November retail sales illustrative of the volatile times we live in now says RSM

Britain’s November retail sales decreased by 3.8 per cent in volume and 4.1 per cent in value when compared with October. This fell during a period when all non-essential retail stores were closed in England from 5 November to 2 December.

Contrast between the sector’s winners and losers remains stark. Food store sales were up 3.1 per cent and household goods grew 1.6 per cent on the month. Fashion continues to suffer with clothing and accessories sales down a devastating 19 per cent when compared with the previous month. Unsurprisingly online penetration grew again in November taking 31.4 per cent of the proportion of all sales.

Jacqui Baker, Retail Director at RSM, said: “If there’s one thing these results emphatically illustrate it’s the volatile times we live in now. November was a double-edged sword for retailers. The most lucrative trading event of the year came coupled with a new national lockdown in England. 

“Analysts’ predictions of the best Black Friday on record went swiftly out the window and the market were left uncertain of the impact on consumer confidence. Newly adopted behaviours for online shopping continued to prop up the market with the proportion of online penetration stepping back up in November. Many retailers stretched out Black Friday promotions to help maintain demand across the month and spread out orders. But this wasn’t enough to boost sales beyond what we saw in October resulting in a fall in both volume and value of sales during the month.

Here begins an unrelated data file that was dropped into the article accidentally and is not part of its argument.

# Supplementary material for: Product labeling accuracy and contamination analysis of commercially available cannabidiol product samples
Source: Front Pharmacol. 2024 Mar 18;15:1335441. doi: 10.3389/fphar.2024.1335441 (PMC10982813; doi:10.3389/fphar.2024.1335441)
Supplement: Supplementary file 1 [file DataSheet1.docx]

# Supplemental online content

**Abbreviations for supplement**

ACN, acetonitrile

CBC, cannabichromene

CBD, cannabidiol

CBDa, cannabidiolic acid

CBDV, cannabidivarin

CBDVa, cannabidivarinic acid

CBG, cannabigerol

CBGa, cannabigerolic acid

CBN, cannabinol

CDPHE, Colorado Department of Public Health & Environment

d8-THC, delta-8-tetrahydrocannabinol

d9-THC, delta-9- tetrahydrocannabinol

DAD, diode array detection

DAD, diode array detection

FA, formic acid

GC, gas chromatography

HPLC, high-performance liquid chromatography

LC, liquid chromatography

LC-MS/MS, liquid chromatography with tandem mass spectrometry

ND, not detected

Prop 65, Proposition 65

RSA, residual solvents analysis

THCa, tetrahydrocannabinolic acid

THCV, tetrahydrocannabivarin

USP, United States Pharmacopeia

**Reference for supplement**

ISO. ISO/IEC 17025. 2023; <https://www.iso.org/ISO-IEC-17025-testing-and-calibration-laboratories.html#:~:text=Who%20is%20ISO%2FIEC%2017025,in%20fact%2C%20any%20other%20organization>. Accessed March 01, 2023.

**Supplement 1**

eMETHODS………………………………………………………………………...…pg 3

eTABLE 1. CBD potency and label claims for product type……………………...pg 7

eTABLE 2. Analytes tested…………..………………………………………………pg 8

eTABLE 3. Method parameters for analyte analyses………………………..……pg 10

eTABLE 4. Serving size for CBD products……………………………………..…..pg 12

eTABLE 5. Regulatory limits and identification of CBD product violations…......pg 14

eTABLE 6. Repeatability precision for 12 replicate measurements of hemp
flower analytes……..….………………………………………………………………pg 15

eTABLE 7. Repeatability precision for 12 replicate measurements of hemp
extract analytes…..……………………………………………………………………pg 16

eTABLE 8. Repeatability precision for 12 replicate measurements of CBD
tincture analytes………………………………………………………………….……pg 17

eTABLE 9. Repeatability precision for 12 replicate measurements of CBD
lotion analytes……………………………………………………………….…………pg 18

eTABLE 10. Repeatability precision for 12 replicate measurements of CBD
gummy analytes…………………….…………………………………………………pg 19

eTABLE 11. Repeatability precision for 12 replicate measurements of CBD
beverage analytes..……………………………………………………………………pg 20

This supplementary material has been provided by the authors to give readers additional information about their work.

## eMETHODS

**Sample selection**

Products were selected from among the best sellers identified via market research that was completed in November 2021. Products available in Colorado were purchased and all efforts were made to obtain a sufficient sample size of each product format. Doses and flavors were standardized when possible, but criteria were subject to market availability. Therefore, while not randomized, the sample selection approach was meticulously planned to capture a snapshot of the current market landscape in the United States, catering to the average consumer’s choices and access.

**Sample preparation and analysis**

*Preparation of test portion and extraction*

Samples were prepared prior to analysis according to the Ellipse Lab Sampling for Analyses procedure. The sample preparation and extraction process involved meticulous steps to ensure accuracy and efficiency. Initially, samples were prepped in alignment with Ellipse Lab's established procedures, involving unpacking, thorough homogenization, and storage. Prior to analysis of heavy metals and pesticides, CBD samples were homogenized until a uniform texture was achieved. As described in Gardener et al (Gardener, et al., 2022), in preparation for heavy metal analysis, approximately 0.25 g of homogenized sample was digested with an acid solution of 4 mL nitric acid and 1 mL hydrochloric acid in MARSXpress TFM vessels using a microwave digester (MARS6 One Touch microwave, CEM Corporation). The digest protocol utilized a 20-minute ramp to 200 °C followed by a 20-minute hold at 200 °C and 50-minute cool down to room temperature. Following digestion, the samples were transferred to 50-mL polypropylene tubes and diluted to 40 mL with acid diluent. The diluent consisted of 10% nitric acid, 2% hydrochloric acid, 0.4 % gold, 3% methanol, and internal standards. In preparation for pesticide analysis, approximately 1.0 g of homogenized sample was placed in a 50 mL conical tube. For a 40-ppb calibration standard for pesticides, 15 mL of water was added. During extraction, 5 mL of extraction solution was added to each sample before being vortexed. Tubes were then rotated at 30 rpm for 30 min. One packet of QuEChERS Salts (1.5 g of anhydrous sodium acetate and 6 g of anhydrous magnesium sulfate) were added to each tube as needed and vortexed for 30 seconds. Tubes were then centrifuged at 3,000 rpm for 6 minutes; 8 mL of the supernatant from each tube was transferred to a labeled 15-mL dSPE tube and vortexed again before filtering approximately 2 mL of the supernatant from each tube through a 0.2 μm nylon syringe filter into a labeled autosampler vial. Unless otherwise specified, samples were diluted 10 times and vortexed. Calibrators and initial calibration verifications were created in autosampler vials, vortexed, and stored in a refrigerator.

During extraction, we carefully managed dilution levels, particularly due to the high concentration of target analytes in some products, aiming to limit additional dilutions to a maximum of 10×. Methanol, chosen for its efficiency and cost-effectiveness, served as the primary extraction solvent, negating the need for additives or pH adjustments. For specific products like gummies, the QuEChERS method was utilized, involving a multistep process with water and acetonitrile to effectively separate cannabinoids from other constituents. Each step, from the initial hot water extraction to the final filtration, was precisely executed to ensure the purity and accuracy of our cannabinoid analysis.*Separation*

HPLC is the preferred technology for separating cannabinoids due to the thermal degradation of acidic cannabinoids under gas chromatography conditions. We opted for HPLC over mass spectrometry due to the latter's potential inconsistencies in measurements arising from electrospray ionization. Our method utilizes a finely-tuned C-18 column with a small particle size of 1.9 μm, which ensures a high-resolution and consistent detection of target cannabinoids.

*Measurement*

“Disparity between bricks and mortar and online continues to grow, as does the contrast between winners and losers. Food and household goods retained growth in their categories whilst store-based fashion retailers are seeing sales suffer at unprecedented levels. The impact of the lockdown in England was too much to bear for some and we saw the fall of some of fashion’s Highstreet giants at the start of December. 

“With the end of the rent moratorium and business rates relief drawing near, what the sector needs now is acknowledgement of the broken model for Highstreet retailers. With the impact that Brexit will inevitably bring to supply chains and labour markets, Government must step soon to supply some relief to retailers for the coming year.”

 

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